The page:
It’s like XCOM. It’s really, really like XCOM.
Phoenix Point, the long-awaited, twice-delayed game from Julian Gollop, creator of the seminal turn-based tactics series, is more like an expansion than a revolution. So much so that deja vu is impossible to ignore.
And yet, much like XCOM, Phoenix Point manages to get its hooks into you. It’s tense, fraught and frequently frustrating. It can be exhilarating, it can be vague, and it’s sometimes borderline anxiety-inducing. It borrows – or reclaims, depending on your perspective – a lot of the ideas that make modern XCOM excellent and augments and changes bits as it sees fit.
Fair warning, I’m going to be saying ‘like XCOM’ a lot in this review.
Like XCOM, Phoenix Point’s central conceit concerns an extraterrestrial takeover of Earth. In XCOM this was an invasion force come to enslave the human race via mind control while killing off any resistance. Here, it’s a little more subtle and less like Independence Day – a permafrost melt has caused the release of a deadly, transformative airborne bacteria called the Pandoravirus. Much like Netflix’s Annihilation, the mist that carries the disease has the capability to biologically mutate anything it touches.
And so, Earth is fucked.
The Pandora idea is an interesting setup. For one, it creates a whole host of different mutations in the enemies you face. In doing so, that keeps things exciting. But it also devolves the identity of the force you’re fighting. In XCOM, things were much more limited, but it felt like you were fighting this regimented force and you had a real vendetta with individual enemy types. Here, that’s not so much the case, and instead, I just see enemies as fodder. Still, it’s cool when one of the game’s big enemies shows up to decimate your squad.
Like XCOM, the resistance force you end up taking over is in a sorry state. As the new incumbent of the Phoenix Project, your job is to mount a defence against the Pandoran mist that threatens to engulf the rest of the surface of Earth. This means upgrading multiple Phoenix bases across the globe, which you tidy up back into shape by repairing broken facilities and building new ones. Everything from power generators to training facilities are up to you to control and maintain, and make all the difference to failure or success.
Unlike XCOM, these bases are numerous instead of being one single location that you operate out of. This gives you the chance to specialise bases, sort of. Ultimately, I don’t think it’s as good a design choice as what XCOM does – I loved the sense of micromanagement with the Avenger, but the micromanagement here is a little overwhelming. There’s just a bit too much freedom, and it takes away from the focus.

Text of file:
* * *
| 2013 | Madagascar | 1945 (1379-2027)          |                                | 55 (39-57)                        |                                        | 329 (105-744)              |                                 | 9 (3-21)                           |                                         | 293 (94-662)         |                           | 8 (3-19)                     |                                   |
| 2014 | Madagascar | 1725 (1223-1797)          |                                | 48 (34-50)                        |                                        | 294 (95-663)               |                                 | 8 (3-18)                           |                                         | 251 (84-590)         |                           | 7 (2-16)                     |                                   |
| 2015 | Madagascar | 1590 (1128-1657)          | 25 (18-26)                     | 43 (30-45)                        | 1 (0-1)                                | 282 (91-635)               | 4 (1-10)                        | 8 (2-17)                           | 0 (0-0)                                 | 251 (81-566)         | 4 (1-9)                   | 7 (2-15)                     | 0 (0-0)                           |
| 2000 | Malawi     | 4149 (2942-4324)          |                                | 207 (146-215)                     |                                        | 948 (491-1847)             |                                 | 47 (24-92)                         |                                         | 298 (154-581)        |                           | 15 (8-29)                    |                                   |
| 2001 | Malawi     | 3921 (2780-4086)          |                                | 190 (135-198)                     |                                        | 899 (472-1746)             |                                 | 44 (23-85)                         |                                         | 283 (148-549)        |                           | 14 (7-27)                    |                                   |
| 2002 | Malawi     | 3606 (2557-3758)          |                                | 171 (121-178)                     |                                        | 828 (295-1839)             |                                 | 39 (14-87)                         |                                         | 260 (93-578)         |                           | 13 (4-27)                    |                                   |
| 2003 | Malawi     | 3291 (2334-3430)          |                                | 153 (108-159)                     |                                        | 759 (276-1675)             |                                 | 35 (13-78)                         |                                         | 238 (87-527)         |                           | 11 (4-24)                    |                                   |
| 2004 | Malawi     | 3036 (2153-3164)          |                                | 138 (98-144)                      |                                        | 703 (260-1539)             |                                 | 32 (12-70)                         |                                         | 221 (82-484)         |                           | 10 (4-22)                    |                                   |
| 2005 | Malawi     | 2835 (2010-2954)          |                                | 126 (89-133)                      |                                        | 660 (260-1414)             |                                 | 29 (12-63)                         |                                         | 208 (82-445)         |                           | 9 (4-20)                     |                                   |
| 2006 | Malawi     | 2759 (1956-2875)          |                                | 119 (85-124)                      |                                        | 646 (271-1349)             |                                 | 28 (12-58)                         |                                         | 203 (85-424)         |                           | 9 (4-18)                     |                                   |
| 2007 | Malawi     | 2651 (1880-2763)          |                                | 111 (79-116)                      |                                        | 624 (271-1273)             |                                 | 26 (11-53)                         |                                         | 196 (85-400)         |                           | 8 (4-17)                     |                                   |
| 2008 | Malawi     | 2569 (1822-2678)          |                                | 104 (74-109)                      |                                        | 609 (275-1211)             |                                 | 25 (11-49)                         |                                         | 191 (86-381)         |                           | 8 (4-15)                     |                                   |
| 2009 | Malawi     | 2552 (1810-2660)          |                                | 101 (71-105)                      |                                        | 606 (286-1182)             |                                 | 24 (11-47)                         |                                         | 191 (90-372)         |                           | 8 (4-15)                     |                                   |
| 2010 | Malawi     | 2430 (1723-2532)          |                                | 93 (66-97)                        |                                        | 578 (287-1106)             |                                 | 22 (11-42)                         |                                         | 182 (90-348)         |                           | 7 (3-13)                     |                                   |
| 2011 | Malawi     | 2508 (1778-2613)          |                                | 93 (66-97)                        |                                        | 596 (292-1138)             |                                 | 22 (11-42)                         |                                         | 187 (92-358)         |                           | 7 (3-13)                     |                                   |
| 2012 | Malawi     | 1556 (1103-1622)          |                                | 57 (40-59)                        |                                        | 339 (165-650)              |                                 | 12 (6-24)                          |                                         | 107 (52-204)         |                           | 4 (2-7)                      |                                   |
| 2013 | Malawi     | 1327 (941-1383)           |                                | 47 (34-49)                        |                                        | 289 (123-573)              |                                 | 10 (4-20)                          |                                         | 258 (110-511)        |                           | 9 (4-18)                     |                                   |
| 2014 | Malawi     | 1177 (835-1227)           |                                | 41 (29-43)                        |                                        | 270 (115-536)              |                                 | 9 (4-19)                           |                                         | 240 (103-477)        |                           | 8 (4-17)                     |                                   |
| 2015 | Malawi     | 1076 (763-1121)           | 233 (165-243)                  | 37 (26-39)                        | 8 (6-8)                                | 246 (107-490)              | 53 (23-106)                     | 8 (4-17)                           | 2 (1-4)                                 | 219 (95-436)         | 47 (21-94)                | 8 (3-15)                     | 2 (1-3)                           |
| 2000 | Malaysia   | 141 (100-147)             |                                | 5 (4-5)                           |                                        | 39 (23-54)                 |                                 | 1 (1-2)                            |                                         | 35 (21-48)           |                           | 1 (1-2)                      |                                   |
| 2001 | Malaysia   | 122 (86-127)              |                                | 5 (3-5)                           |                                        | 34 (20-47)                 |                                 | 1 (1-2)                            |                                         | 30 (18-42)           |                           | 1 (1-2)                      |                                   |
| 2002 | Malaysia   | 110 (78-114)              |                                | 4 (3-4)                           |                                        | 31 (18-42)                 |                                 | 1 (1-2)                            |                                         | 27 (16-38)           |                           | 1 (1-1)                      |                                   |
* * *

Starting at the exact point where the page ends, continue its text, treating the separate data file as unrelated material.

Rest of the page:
Like XCOM, the missions you embark on take the form of tight-knit tactical excursions with a squad of up to eight soldiers – all of which are customisable and upgradeable by you. Missions are usually short – 15 – 30 minutes for standard fare, perhaps longer if you encounter a particularly tricky boss or objective – but the pace is always high once the boots hit the ground.
Sometimes you’re simply defending cargo from alien forces with a view to claim it for yourself; other times you’re in the midst of repelling Pandorans from attacking haven cities; then you’re deep underground in a Pandoran lair, attempting to destroy the spawnery that is increasing the spread of the mist. The missions and locations you visit are varied, and while repetition does set in – these types of games are designed to be played for dozens of hours, and there’s only so much variation one team can make – I never got bored.
That said, I did find some of the missions a bit flat. I think this is partly due to a lack of any real voice over from base command (again, XCOM 2 is coming back to haunt this game by virtue of it being so similar) but certain objectives just didn’t have the gravitas I thought they might. An ambush, for example, never felt quite as ‘oh shit!’ as I hoped it might.